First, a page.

Mantis shrimp is a tiny marine crustaceans of the order Stomatopoda. Despite being small in size and having equally tiny brain, it has the most complex visual system of any living animal. In fact, a mantis shrimp four times as many colour receptors as humans do.
A new study from the University of Queensland attempted to figure out how tiny brain of mantis shrimp deal with that kind of volume of visual input.
While humans have three colour (red, green, and blue) receptors, mantis shrimp have 12. They have much more visual information than we do. They see things we cannot see. And the things that we do see, they see completely differently. This is a blessing and a curse, because this kind of a volume of visual input gives mantis shrimp quite a bit of an advantage, but is difficult to process. And yet they somehow manage without their brains exploding.
A mantis shrimp has two protruding eyes. They are hilariously large and work as high-definition cameras. Scientists researched the brain of this little animal and found that the secret to managing such a huge amount of visual information lies within the reniform body. It is a region of the brain found in each of the eye stalks. Dr Hanne Thoen, one of the authors of the study, said: “Using a variety of imaging techniques, we traced connections made by neurons in the reniform body and discovered that it contains a number of distinct, interacting subsections”.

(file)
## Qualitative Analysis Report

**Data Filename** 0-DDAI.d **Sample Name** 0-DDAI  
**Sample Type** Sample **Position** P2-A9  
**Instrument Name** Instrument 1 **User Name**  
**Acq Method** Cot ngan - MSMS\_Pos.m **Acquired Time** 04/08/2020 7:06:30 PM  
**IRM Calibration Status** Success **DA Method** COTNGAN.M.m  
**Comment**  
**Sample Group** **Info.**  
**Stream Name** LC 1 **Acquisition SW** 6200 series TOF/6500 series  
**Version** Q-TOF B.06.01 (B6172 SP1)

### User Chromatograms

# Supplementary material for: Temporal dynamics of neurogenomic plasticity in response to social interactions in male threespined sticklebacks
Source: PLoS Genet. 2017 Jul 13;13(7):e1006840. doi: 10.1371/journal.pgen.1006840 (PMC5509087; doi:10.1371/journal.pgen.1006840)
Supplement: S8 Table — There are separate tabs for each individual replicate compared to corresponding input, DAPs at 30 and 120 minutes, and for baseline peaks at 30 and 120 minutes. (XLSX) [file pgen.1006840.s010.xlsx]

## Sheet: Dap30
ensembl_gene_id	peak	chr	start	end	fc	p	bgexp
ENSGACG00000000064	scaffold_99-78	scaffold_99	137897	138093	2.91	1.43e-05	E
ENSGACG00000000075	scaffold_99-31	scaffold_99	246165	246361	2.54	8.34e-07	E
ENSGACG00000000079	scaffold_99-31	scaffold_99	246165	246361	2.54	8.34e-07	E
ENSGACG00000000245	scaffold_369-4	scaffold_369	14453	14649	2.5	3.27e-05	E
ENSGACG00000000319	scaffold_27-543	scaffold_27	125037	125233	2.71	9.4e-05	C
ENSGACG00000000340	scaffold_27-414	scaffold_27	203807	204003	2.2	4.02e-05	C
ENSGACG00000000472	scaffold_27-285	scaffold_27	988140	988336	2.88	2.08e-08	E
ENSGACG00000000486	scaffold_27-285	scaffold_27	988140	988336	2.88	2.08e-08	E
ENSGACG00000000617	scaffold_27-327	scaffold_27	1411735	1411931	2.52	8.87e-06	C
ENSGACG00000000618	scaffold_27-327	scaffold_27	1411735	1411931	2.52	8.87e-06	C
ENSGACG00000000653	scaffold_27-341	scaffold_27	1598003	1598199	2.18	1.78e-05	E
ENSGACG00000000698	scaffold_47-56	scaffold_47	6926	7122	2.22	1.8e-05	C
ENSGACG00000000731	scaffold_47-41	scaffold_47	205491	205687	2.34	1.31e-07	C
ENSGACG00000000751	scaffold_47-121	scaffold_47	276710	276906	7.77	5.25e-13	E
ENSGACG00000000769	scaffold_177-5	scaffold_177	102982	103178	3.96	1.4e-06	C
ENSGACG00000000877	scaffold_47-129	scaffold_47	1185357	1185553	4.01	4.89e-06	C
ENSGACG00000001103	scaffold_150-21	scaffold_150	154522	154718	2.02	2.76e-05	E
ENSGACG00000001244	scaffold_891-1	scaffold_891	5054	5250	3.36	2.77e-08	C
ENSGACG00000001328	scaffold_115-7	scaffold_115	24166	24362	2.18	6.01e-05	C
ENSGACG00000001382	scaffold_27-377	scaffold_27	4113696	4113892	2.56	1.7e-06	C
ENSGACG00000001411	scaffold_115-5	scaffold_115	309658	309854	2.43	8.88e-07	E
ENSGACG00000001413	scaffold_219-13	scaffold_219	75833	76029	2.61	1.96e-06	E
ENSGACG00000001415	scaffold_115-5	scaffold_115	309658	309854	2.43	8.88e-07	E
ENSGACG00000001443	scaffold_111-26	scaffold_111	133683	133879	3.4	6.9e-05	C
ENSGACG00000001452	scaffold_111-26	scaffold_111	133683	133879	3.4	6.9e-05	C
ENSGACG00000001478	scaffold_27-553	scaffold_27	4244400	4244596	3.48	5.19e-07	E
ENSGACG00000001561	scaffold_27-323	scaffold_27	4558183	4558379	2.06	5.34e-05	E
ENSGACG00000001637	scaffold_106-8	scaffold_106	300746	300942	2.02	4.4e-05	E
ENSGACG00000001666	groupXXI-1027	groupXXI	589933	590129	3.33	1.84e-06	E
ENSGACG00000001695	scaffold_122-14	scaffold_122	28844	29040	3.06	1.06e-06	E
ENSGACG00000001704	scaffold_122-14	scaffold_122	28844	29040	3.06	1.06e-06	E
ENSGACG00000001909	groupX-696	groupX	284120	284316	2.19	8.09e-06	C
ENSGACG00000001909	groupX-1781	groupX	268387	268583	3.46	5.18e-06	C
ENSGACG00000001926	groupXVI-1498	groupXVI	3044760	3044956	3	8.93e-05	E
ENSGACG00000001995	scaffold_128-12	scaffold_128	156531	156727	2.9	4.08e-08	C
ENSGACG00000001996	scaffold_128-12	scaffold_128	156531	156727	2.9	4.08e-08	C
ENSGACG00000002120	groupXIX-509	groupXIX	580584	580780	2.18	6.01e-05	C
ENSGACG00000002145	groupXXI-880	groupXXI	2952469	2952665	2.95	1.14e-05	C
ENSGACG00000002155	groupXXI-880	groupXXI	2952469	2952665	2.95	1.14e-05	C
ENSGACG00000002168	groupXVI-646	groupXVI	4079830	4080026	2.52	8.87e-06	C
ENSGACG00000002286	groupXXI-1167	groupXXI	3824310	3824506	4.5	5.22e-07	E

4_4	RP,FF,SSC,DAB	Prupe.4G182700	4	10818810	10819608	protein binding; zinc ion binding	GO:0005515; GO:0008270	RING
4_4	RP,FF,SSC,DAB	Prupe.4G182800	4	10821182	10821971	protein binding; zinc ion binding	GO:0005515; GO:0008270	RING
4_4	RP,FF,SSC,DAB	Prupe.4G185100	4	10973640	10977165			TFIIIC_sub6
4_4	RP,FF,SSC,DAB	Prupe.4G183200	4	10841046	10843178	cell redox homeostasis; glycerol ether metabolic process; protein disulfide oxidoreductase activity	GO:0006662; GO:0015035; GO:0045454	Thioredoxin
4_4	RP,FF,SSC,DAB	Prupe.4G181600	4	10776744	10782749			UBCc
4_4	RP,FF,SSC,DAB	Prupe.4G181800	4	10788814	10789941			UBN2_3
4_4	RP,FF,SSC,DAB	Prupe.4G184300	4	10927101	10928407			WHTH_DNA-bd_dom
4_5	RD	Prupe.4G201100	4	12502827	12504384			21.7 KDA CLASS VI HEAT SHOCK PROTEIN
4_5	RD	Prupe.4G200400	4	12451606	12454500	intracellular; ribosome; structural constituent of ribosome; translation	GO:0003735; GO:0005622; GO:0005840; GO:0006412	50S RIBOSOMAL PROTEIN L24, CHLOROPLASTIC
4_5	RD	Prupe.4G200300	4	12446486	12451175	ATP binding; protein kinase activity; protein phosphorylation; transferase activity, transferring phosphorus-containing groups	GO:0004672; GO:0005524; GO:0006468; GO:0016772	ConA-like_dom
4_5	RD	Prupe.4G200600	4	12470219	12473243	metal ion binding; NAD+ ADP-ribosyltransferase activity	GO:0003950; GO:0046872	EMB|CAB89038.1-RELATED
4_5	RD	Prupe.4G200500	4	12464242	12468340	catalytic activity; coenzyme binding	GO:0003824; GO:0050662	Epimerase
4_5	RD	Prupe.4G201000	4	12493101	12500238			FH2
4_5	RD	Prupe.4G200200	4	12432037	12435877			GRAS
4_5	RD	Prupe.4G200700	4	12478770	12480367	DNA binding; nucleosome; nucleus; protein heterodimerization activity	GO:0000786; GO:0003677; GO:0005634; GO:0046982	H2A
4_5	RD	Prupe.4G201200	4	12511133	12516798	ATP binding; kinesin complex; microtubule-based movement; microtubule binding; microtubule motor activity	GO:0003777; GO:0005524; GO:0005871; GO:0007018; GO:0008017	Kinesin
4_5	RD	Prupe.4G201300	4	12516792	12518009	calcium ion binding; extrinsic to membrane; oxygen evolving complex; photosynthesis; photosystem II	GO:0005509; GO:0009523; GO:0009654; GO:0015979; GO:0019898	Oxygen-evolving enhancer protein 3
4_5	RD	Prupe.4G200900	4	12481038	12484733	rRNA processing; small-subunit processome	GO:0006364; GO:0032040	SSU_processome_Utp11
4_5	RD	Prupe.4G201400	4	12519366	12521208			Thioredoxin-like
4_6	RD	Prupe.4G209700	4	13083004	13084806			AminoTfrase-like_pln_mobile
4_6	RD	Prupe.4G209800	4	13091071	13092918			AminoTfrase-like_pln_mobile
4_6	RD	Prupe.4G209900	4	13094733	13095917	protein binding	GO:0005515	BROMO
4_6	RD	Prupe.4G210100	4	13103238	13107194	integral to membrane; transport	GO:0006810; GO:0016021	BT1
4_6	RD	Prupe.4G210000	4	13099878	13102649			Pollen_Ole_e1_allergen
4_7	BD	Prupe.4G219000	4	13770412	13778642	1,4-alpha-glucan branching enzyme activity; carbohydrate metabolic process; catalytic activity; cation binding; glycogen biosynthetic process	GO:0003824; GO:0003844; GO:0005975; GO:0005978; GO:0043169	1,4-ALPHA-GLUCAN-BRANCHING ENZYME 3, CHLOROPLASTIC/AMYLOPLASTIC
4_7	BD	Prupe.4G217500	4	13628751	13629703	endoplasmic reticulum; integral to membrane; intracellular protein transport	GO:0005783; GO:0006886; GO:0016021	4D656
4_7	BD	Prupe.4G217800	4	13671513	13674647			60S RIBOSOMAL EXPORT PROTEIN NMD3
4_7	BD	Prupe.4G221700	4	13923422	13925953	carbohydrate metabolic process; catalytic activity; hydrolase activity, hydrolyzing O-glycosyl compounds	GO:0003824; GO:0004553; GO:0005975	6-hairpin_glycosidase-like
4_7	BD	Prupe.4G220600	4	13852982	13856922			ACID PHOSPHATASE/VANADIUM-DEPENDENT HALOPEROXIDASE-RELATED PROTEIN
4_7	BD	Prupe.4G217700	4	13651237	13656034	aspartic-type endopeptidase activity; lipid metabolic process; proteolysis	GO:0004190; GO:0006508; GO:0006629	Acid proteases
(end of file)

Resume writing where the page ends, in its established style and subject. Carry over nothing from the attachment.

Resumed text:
Mantis shrimp have very complex retinas that feed into a very complex nerve centre, constructed from many different subsections. Scientists think that those subsections are most likely dealing with different types of colour information. This data is then sorted by its content and packaged for the brain to make any sense from it. If this system works this way, it is a very efficient way to process an unbelievably huge amount of information very quickly. In fact, there is a neural connection between the reniform body and a brain region known to be involved with memory, which means that mantis shrimp may also be collecting visual memory.
This is a good example, showing that even the most simple of animals can have abilities that rely on complex biological systems. Mantis shrimp may be a very simple animal, but there is nothing simple about the way it sees and processes the visual information. Unlike most crustaceans, mantis shrimp sometimes hunt, chase, and kill prey, which requires a good vision. They also need to recognize and hide from predators and defend their territory.
Scientists will continue their work. They want to know how all the subunits of the reniform body work together to allow mantis shrimp to interpret the world it sees.
Source: University of Queensland